“As part of the project, we met several community members, who were so engaged and interested in the project,” she continued. “Many of them had never thought about how much lead was in their yard prior to us asking if we could sample their lawn, and I'm glad to know that many live in relatively safe areas. I'm sure those who wanted their results are, too.”
Corsello plans to continue her education at the University of Cincinnati, pursuing a master’s degree in criminal justice and later her doctorate.
“My main course of study will be focused on the causative factors of crime and determining why crime occurs and how to prevent it,” she said. “When researching this project, I found a lot of evidence that lower socioeconomic redlining areas and areas with high-lead soil levels tend to have the highest crime rates. I would be interested in working with this data more in the future to isolate the variable that causes this.
“Growing up, I was always super into the environment,” she added. “When I was in second grade, I tried my hardest to make my own environmental magazine (think Zoobooks!). Even though I obviously was too young to be a published environmental scientist, it shaped a lot of my interests. At Wittenberg, I was for a long time a biology and environmental science double major. I only dropped environmental science due to time restraints. But my classes always revolved around conservation and ecology, and as a Sustainability Assistant, I actually founded the campus pollinator patch/garden in order to increase environmental health and biodiversity by attracting pollinators. There was never one moment that really shaped my love for the environment, but so many aspects of my life revolve around it.”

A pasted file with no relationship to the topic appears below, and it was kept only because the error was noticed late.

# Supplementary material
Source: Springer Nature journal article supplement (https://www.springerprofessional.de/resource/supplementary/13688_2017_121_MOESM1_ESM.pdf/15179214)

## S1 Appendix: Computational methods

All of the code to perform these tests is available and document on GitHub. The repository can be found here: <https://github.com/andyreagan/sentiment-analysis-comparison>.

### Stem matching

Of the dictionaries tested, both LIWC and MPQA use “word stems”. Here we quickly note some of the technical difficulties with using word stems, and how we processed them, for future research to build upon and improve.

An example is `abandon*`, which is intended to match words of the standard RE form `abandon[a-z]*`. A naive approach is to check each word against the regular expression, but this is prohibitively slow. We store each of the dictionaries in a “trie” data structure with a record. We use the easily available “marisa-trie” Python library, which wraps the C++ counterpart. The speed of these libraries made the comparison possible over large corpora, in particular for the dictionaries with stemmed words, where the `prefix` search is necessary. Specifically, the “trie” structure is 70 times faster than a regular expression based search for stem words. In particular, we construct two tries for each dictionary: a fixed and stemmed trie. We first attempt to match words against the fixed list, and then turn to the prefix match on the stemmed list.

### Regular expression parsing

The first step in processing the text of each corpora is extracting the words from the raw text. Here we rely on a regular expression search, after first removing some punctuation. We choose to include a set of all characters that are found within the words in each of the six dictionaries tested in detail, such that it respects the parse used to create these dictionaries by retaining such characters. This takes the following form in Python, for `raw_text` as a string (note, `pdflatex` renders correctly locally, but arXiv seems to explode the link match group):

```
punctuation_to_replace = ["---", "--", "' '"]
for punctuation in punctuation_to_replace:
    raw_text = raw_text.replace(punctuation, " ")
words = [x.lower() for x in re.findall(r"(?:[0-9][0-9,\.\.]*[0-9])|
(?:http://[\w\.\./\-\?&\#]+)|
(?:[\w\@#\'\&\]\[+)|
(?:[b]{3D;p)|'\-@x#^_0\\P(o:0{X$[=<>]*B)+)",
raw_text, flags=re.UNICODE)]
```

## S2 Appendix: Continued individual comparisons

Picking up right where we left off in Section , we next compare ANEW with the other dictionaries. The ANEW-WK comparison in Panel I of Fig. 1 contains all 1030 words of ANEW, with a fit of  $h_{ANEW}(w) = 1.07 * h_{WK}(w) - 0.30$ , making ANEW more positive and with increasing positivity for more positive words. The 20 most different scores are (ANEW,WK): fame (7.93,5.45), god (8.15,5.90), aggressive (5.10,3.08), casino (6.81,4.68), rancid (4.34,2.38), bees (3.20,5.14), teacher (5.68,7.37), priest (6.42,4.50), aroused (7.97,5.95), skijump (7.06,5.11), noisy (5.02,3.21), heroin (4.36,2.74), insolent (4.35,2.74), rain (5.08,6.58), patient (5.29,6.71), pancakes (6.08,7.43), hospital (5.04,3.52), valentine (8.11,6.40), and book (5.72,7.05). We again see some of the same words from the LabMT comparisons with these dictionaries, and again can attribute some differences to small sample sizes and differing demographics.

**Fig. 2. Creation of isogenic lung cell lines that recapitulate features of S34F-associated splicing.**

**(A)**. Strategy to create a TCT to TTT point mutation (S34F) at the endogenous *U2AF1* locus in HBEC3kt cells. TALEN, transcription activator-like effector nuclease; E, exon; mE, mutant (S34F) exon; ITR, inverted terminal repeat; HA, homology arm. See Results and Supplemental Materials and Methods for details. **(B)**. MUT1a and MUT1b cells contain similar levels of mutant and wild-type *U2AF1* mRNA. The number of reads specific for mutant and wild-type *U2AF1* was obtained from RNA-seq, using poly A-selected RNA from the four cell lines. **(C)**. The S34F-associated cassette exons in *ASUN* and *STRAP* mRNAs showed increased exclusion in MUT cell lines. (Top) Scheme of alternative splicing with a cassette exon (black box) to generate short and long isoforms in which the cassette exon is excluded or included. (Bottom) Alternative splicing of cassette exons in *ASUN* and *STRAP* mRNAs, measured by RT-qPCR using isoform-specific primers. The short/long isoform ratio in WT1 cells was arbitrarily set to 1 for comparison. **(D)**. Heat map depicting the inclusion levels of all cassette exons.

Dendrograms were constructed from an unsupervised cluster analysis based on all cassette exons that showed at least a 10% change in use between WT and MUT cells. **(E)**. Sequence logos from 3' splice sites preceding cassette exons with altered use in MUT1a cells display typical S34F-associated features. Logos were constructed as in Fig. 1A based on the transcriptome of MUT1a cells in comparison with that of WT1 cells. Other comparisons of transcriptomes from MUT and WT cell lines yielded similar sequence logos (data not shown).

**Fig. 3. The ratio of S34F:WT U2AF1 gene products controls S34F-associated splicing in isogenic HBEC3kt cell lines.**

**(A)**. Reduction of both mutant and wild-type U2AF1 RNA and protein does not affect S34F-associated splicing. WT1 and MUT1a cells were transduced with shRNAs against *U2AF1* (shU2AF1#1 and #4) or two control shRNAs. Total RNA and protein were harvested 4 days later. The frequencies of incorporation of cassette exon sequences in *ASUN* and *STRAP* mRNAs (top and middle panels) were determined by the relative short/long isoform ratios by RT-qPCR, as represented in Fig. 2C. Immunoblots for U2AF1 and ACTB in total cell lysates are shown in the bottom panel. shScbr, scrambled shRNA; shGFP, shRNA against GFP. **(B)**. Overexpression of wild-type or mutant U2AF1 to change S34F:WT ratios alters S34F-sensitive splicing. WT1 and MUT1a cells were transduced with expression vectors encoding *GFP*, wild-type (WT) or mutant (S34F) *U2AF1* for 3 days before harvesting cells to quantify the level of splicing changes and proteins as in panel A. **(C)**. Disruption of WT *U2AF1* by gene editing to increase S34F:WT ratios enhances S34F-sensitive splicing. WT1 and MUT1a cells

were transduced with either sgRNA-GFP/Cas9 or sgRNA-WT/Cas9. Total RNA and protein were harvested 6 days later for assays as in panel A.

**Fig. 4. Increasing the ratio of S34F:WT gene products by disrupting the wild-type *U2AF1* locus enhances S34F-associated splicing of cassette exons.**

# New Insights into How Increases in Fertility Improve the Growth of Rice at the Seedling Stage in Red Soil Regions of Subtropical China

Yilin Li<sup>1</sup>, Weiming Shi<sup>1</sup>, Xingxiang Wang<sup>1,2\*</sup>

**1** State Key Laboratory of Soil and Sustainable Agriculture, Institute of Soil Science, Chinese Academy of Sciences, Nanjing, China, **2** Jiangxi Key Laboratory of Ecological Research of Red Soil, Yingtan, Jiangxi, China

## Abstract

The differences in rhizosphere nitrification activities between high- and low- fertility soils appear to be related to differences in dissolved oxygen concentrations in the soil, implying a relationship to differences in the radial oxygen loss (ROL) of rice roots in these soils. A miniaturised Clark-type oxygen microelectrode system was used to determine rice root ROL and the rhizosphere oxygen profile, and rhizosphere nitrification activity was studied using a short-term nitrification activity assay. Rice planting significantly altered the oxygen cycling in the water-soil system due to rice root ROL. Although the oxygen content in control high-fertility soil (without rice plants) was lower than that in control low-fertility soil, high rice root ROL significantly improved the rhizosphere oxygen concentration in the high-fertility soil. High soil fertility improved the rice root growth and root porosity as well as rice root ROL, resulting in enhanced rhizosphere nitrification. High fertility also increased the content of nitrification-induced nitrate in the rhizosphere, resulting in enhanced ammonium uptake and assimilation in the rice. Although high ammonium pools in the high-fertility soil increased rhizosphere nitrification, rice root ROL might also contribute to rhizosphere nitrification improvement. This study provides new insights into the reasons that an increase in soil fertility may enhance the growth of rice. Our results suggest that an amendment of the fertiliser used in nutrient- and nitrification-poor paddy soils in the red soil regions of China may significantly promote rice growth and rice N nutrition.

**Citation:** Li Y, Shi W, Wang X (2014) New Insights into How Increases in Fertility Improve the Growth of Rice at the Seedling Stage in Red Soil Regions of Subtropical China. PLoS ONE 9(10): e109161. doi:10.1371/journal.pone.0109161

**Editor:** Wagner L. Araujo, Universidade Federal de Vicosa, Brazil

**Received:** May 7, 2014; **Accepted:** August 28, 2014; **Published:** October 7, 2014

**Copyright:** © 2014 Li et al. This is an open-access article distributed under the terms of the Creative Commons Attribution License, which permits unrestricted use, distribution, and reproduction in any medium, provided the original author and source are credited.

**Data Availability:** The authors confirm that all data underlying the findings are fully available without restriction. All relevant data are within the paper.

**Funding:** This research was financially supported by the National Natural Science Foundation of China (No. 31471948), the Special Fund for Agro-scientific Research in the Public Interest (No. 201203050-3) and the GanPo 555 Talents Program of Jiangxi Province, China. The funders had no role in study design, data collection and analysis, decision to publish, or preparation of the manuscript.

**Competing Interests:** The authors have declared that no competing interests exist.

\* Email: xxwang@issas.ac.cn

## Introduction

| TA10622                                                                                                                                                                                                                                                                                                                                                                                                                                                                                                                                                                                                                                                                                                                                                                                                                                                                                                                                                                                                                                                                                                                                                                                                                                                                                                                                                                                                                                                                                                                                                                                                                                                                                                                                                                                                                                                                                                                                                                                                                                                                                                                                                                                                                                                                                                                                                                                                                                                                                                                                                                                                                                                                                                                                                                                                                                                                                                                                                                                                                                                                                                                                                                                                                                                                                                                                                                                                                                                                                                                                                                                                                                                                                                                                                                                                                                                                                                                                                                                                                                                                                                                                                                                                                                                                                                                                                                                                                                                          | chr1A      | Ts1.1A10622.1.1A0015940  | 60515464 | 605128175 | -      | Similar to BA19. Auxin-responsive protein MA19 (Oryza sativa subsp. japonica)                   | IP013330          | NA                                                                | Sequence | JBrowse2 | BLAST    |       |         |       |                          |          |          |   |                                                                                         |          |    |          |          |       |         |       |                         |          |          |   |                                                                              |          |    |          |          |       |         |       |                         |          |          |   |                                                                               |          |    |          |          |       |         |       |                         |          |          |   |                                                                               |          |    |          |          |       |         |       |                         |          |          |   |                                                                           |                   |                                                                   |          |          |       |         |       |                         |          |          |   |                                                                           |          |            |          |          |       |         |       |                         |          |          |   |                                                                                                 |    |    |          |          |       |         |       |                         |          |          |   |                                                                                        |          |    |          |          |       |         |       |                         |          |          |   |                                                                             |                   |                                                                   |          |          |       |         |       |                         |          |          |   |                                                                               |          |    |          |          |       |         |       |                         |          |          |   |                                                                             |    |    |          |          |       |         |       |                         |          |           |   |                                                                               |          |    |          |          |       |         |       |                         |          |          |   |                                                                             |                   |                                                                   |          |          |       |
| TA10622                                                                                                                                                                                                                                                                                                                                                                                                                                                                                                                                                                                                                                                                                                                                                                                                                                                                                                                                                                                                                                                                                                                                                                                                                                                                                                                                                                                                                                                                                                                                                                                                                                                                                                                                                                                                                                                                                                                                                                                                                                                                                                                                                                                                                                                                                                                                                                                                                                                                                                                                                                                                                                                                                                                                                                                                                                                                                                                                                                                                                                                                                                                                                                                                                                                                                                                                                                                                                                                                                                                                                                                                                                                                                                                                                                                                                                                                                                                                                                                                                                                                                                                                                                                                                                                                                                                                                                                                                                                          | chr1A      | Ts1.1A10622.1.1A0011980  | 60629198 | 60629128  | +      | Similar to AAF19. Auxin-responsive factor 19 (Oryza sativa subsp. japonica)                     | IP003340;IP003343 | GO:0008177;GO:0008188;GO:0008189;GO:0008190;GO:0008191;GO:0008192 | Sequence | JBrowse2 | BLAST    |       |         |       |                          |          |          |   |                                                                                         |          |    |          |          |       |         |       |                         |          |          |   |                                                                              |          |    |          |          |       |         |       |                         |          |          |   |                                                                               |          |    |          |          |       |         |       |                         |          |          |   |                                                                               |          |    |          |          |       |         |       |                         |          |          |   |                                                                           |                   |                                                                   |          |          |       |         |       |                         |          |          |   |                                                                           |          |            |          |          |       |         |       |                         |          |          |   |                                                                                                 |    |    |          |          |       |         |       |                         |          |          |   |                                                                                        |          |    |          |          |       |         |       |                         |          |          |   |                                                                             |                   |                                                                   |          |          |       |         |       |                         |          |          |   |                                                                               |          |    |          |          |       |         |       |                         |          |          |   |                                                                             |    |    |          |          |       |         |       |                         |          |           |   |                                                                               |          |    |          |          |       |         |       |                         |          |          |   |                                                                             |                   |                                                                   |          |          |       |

Located by the back entrance to the Barbara Deer Kuss Science Center, the pollinator patch/garden is part of the Native Plants Research Garden that contains eight sections of land, allowing for eight different projects. Each plot measures six-by-six feet, and students can use more than one plot to accommodate their respective projects. Conceived and created by Associate Professor of Biology Amber Burgett, Associate Professor of Communication and Faculty Sustainability Coordinator Sheryl Cunningham, Gavin Tay ’22 of Perth, Australia and Corsello, the new space provides students with hands-on exposure to phenomena discussed in biology classrooms, as well as a place for students or faculty to conduct their own research.
“Dr. Cunningham has been my sustainability supervisor since my freshman year, and has been such an incredible role model every day since,” Corsello said. “She's challenged me to think about how eco-friendly I live, allowed me control in independent projects, and has given fantastic advice on environmental and personal questions. When I think about who at Wittenberg has made an impact on me, she's always the first person I think of.”